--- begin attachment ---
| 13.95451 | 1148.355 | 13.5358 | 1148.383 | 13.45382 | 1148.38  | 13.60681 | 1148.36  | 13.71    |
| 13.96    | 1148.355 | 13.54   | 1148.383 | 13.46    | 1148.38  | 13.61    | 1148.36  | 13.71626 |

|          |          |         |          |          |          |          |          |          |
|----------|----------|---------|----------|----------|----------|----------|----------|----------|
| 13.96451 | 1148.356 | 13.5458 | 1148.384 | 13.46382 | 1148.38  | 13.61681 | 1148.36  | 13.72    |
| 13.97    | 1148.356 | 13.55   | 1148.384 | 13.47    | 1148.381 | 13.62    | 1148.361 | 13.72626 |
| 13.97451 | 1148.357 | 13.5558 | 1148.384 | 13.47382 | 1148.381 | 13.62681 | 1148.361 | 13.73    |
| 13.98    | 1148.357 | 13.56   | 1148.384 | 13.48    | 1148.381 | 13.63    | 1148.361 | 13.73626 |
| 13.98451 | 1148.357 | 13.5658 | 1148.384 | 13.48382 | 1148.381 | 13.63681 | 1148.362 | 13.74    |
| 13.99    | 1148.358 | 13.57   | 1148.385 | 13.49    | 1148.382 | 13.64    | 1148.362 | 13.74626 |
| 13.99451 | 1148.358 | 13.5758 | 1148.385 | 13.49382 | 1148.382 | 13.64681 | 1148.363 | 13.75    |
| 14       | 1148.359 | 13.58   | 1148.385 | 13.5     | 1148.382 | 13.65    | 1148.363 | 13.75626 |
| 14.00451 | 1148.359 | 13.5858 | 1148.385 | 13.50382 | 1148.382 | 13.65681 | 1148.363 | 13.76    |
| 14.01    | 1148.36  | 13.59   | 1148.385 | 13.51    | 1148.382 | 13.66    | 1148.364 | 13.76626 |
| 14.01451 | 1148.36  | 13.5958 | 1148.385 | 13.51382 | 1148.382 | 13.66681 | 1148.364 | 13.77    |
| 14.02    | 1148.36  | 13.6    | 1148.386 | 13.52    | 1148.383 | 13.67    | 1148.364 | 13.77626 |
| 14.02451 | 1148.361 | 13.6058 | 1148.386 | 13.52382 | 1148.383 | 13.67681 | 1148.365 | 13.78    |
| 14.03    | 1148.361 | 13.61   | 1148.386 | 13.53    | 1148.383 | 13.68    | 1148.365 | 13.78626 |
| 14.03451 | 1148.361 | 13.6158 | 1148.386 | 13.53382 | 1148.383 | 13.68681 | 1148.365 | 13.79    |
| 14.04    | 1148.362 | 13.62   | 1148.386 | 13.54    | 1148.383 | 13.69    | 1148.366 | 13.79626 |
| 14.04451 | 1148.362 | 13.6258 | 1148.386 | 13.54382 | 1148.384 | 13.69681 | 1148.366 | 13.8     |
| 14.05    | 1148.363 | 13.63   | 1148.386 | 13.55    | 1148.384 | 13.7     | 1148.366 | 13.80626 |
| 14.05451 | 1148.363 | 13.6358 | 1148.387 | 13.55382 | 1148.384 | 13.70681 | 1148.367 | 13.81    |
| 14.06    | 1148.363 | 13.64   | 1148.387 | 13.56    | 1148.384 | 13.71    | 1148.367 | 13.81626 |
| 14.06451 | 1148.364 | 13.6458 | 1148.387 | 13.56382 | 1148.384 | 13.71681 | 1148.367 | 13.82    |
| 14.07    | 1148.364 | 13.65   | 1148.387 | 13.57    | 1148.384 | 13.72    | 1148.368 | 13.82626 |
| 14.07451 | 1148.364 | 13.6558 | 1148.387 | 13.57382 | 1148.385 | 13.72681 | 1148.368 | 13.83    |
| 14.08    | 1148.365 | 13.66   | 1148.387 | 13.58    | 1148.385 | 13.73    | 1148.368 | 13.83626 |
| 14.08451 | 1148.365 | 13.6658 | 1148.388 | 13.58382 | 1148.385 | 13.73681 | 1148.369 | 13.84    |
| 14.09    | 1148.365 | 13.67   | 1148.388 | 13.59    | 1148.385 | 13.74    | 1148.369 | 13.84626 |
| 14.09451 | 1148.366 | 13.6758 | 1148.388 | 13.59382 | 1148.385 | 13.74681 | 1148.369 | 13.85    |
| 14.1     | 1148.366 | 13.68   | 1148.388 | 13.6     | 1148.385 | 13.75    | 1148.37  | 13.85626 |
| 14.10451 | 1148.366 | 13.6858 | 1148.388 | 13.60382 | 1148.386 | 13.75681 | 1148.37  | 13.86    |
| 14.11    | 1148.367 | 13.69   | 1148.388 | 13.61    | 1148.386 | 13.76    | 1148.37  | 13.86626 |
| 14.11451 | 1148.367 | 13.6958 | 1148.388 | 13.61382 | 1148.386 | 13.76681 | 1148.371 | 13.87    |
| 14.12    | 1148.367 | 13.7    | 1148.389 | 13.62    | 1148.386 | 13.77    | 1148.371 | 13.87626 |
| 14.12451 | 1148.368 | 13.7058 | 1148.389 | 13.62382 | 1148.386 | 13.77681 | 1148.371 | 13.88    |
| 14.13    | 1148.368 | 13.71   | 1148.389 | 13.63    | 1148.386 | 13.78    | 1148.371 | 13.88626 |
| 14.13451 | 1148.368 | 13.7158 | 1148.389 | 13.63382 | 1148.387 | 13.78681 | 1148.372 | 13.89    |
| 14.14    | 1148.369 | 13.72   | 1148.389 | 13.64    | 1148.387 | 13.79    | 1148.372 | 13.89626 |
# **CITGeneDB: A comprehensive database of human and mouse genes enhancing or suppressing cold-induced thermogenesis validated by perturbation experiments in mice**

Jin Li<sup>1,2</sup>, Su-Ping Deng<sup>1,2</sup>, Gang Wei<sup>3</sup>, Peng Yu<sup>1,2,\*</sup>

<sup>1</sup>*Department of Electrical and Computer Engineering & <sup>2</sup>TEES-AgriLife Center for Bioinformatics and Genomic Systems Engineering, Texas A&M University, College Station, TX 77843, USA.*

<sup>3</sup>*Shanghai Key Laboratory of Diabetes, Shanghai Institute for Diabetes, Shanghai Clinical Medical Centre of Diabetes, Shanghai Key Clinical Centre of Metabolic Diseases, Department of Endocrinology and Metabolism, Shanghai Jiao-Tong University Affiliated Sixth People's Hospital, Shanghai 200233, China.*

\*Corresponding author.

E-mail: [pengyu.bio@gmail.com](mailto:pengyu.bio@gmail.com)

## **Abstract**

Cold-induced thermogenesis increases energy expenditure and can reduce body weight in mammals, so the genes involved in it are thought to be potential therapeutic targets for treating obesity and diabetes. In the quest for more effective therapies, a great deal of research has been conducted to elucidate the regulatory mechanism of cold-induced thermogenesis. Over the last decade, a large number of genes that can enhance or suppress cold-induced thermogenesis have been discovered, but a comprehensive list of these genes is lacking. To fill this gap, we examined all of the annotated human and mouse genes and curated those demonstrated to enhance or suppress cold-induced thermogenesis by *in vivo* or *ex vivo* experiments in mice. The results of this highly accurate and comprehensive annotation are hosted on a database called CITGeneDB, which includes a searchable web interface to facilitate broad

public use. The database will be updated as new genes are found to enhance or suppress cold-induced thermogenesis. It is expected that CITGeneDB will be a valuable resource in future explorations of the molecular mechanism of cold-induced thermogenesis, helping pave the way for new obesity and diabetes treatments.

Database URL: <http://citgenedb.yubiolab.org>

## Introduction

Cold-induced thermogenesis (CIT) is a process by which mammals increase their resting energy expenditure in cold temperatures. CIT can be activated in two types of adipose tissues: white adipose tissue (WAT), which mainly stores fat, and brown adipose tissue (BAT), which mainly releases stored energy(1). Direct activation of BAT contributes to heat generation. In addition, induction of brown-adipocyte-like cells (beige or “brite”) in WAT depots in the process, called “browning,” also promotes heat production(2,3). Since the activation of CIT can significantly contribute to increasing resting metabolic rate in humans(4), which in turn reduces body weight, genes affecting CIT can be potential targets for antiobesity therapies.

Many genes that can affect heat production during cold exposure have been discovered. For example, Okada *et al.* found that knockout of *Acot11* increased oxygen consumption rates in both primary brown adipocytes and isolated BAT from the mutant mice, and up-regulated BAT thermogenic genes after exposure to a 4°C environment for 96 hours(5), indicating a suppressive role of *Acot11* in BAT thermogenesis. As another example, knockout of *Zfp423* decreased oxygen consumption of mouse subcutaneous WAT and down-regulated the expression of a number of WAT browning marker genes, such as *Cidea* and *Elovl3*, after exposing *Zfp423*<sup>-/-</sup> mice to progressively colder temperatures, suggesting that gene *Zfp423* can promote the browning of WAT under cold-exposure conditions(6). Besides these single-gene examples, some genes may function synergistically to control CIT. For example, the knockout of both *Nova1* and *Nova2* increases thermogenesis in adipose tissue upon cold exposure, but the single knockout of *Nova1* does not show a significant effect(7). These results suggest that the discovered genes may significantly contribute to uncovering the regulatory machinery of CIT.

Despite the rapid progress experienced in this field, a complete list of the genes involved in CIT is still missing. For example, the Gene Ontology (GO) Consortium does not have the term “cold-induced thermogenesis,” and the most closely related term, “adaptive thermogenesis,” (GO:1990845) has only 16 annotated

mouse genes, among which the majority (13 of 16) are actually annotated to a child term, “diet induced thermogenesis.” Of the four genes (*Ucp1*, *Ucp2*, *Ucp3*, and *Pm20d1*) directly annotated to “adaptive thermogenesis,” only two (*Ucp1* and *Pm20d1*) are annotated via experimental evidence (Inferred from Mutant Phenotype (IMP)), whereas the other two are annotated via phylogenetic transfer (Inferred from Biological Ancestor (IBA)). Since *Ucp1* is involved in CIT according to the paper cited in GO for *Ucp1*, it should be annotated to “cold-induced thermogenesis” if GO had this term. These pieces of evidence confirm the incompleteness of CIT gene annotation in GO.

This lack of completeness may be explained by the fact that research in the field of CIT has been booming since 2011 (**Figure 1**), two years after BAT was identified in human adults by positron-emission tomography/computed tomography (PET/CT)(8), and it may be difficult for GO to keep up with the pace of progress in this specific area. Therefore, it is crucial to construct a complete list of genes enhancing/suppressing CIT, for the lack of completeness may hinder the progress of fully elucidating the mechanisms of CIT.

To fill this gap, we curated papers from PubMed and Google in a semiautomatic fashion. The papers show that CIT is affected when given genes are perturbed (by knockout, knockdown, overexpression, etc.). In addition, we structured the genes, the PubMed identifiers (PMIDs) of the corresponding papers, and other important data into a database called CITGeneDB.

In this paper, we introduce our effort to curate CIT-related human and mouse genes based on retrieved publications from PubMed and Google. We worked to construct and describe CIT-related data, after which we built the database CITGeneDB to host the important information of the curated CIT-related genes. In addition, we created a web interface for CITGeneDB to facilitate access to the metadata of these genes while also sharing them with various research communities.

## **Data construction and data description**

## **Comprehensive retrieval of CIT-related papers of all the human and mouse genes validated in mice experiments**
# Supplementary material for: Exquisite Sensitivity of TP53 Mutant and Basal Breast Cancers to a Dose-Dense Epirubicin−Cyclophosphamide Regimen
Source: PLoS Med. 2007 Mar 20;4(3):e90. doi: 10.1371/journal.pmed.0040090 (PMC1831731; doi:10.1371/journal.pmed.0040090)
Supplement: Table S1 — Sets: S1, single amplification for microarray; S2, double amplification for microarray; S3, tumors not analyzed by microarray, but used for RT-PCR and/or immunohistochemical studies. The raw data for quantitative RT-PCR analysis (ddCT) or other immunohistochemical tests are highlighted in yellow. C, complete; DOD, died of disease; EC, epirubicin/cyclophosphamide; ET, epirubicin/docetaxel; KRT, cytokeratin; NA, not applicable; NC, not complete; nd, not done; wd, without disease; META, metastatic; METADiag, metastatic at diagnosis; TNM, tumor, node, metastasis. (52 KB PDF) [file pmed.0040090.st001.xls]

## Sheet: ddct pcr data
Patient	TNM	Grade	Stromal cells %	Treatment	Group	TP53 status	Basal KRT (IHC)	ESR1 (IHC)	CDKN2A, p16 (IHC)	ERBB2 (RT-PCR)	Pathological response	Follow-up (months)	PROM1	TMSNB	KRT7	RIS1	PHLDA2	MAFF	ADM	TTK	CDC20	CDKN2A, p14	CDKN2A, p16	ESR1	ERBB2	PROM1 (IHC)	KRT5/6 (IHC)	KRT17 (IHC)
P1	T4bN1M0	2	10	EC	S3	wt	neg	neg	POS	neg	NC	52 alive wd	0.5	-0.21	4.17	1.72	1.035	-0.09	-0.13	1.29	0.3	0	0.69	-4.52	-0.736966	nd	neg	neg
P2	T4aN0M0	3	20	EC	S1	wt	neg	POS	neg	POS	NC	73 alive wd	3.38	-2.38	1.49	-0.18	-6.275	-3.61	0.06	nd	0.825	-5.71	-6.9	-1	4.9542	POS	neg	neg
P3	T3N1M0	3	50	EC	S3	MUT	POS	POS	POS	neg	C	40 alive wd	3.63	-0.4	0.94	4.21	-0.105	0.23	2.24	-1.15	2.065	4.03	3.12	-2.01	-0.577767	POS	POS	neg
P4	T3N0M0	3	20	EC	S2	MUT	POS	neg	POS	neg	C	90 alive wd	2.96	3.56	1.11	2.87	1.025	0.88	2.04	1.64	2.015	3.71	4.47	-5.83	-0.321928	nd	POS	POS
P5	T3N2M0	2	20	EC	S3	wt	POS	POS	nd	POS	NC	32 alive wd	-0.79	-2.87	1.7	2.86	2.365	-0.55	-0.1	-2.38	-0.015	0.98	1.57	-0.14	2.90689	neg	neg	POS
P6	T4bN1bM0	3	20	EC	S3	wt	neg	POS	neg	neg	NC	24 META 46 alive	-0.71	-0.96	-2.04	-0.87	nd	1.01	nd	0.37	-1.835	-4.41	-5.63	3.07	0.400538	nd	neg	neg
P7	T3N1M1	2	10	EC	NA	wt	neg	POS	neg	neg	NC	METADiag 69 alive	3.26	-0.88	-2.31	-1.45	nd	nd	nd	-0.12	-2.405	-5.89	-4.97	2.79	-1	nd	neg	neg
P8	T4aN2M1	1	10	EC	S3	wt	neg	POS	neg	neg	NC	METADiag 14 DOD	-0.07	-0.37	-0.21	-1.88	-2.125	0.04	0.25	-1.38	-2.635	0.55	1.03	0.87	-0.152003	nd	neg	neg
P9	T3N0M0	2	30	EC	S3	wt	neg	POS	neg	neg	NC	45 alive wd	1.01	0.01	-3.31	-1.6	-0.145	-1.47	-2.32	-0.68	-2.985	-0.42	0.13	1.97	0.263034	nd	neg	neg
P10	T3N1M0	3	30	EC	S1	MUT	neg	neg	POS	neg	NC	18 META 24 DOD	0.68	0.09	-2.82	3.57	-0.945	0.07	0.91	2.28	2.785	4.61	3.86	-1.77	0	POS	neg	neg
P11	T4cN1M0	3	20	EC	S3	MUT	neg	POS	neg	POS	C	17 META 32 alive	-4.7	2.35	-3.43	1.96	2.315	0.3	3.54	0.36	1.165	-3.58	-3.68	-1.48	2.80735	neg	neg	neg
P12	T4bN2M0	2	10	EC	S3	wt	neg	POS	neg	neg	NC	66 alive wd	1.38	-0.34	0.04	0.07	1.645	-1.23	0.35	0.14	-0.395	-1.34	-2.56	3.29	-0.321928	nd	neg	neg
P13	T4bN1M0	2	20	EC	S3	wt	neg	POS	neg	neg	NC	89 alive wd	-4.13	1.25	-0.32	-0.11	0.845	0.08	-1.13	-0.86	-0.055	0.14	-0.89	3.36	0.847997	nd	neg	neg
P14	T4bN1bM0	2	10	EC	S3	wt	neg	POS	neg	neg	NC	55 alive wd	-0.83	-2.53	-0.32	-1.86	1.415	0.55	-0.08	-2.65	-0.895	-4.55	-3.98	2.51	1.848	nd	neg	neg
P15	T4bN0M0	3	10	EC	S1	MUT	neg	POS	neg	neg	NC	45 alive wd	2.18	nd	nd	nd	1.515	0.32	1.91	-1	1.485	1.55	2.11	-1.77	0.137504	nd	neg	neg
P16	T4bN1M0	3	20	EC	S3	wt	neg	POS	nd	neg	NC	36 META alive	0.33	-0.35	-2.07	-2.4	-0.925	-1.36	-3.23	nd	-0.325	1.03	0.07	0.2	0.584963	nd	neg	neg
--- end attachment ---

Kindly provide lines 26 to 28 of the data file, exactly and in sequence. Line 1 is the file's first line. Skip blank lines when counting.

| 14.07    | 1148.364 | 13.65   | 1148.387 | 13.57    | 1148.384 | 13.72    | 1148.368 | 13.82626 |
| 14.07451 | 1148.364 | 13.6558 | 1148.387 | 13.57382 | 1148.385 | 13.72681 | 1148.368 | 13.83    |
| 14.08    | 1148.365 | 13.66   | 1148.387 | 13.58    | 1148.385 | 13.73    | 1148.368 | 13.83626 |